Within-group spatial position in ring-tailed coatis: balancing predation, feeding competition, and social competition

Hirsch, Ben T. (2011) Within-group spatial position in ring-tailed coatis: balancing predation, feeding competition, and social competition. Behavioral Ecology and Sociobiology, 65 (2). pp. 391-399.

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Abstract

A variety of factors can influence an individual's choice of within-group spatial position. For terrestrial social animals, predation, feeding success, and social competition are thought to be three of the most important variables. The relative importance of these three factors was investigated in groups of ring-tailed coatis (Nasua nasua) in Iguazú, Argentina. Different age/sex classes responded differently to these three variables. Coatis were found in close proximity to their own age/sex class more often than random, and three out of four age/sex classes were found to exhibit within-group spatial position preferences which differed from random. Juveniles were located more often at the front edge and were rarely found at the back of the group. Juveniles appeared to choose spatial locations based on feeding success and not predation avoidance. Since juveniles are the most susceptible to predation and presumably have less prior knowledge of food source location, these results have important implications in relation to predator-sensitive foraging and models of democratic group leadership. Subadults were subordinate to adult females, and their relationships were characterized by high levels of aggression. This aggression was especially common during the first half of the coati year (Nov–April), and subadults were more peripheralized during this time period. Subadults likely chose spatial positions to avoid aggression and were actively excluded from the center of the group by adult females. In the Iguazú coati groups, it appeared that food acquisition and social agonism were the major determinants driving spatial choice, while predation played little or no role. This paper demonstrates that within-group spatial structure can be a complex process shaped by differences in body size and nutritional requirements, food patch size and depletion rate, and social dominance status. How and why these factors interact is important to understanding the costs and benefits of sociality and emergent properties of animal group formation.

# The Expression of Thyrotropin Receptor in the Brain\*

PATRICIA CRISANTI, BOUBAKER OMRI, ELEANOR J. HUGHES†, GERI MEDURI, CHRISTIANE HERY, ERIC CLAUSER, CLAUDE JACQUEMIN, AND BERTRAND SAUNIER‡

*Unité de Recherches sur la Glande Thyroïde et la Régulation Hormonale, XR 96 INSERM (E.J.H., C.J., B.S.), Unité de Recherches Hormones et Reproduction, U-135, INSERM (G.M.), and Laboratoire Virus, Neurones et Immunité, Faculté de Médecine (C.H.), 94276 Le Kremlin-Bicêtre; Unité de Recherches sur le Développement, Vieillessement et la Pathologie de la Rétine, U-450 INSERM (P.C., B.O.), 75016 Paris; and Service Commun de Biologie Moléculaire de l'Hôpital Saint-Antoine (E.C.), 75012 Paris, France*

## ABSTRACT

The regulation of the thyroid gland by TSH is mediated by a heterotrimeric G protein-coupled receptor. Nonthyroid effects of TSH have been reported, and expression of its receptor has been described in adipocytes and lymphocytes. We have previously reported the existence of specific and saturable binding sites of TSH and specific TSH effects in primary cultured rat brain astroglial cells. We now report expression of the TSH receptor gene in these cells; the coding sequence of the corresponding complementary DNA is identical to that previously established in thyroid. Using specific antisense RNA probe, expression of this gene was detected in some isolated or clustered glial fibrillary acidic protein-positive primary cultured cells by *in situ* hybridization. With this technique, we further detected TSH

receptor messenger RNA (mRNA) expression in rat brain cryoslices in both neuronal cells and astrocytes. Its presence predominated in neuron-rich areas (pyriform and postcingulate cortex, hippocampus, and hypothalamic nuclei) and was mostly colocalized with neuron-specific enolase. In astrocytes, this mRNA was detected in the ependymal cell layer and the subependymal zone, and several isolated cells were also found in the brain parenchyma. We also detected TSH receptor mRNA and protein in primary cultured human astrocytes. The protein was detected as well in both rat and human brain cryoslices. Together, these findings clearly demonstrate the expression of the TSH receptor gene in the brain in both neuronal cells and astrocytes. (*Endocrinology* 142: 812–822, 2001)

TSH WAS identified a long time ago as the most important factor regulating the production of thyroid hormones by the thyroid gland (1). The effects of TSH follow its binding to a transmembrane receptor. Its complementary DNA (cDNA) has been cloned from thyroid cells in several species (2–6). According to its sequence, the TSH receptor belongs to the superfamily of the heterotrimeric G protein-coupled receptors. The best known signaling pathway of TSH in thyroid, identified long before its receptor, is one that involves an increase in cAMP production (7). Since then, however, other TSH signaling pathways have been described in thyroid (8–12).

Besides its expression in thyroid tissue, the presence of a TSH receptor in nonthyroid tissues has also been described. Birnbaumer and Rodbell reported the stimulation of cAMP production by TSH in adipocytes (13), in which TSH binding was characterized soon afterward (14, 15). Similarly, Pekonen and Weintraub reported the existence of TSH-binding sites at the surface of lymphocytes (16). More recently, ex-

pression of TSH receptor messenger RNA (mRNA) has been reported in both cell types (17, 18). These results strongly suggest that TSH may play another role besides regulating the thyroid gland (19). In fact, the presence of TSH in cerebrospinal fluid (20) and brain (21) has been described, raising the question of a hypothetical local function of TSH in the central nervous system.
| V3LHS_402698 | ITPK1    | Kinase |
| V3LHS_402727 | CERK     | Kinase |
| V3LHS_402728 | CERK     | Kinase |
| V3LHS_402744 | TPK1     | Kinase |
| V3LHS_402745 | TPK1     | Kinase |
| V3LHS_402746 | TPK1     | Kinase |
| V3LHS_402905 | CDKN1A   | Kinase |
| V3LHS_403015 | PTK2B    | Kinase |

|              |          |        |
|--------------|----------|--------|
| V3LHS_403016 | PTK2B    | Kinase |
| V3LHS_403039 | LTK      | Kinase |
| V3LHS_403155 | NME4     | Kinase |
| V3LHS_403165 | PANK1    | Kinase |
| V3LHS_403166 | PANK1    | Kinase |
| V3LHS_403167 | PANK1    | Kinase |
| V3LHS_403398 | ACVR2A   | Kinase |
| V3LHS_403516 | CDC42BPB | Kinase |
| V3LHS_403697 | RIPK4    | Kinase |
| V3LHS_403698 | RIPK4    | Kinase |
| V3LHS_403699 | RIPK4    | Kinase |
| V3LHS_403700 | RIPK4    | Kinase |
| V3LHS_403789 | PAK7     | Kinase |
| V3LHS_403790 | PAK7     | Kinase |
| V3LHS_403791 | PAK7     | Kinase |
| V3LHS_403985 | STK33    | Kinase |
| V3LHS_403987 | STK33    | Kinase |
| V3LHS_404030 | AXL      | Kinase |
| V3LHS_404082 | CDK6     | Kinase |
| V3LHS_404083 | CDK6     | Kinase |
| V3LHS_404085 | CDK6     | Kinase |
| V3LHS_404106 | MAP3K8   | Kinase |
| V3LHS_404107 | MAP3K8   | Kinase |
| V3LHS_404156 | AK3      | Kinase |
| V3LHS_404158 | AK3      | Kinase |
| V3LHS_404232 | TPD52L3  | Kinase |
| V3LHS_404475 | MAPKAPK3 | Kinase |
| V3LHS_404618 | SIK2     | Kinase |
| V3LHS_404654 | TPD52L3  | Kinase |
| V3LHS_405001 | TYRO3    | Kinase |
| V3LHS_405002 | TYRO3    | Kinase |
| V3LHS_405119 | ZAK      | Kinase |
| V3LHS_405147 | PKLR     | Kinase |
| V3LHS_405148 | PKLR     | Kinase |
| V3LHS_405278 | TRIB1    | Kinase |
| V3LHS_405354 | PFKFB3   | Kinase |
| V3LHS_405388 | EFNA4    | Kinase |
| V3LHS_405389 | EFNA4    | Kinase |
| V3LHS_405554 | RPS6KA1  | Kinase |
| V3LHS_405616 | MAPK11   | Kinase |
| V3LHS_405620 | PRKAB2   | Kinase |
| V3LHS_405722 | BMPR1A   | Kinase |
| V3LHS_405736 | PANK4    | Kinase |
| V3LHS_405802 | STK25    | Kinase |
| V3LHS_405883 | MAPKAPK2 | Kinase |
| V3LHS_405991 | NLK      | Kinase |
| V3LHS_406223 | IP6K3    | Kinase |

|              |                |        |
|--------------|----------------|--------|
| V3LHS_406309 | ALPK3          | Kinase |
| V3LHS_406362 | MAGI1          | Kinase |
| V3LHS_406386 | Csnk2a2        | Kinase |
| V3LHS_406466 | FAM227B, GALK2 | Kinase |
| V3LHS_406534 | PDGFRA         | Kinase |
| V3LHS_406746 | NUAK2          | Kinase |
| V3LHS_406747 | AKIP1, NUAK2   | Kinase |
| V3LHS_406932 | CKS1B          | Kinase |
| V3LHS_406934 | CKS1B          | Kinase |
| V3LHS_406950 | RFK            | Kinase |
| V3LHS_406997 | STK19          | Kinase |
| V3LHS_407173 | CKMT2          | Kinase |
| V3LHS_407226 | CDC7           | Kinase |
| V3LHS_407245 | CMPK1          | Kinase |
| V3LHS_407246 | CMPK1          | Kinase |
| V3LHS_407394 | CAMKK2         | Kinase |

Item ID: 44237
Item Type: Article (Refereed Research - C1)
Keywords: coati, social foraging, spatial position, Nasua, predation, dominance, feeding competition
ISSN: 1432-0762
Funders: National Science Foundation (NSF)
Projects and Grants: NSF BCS-0314525
Date Deposited: 20 Jul 2016 04:05
FoR Codes: 06 BIOLOGICAL SCIENCES > 0602 Ecology > 060201 Behavioural Ecology @ 100%
SEO Codes: 96 ENVIRONMENT > 9608 Flora, Fauna and Biodiversity > 960806 Forest and Woodlands Flora, Fauna and Biodiversity @ 100%
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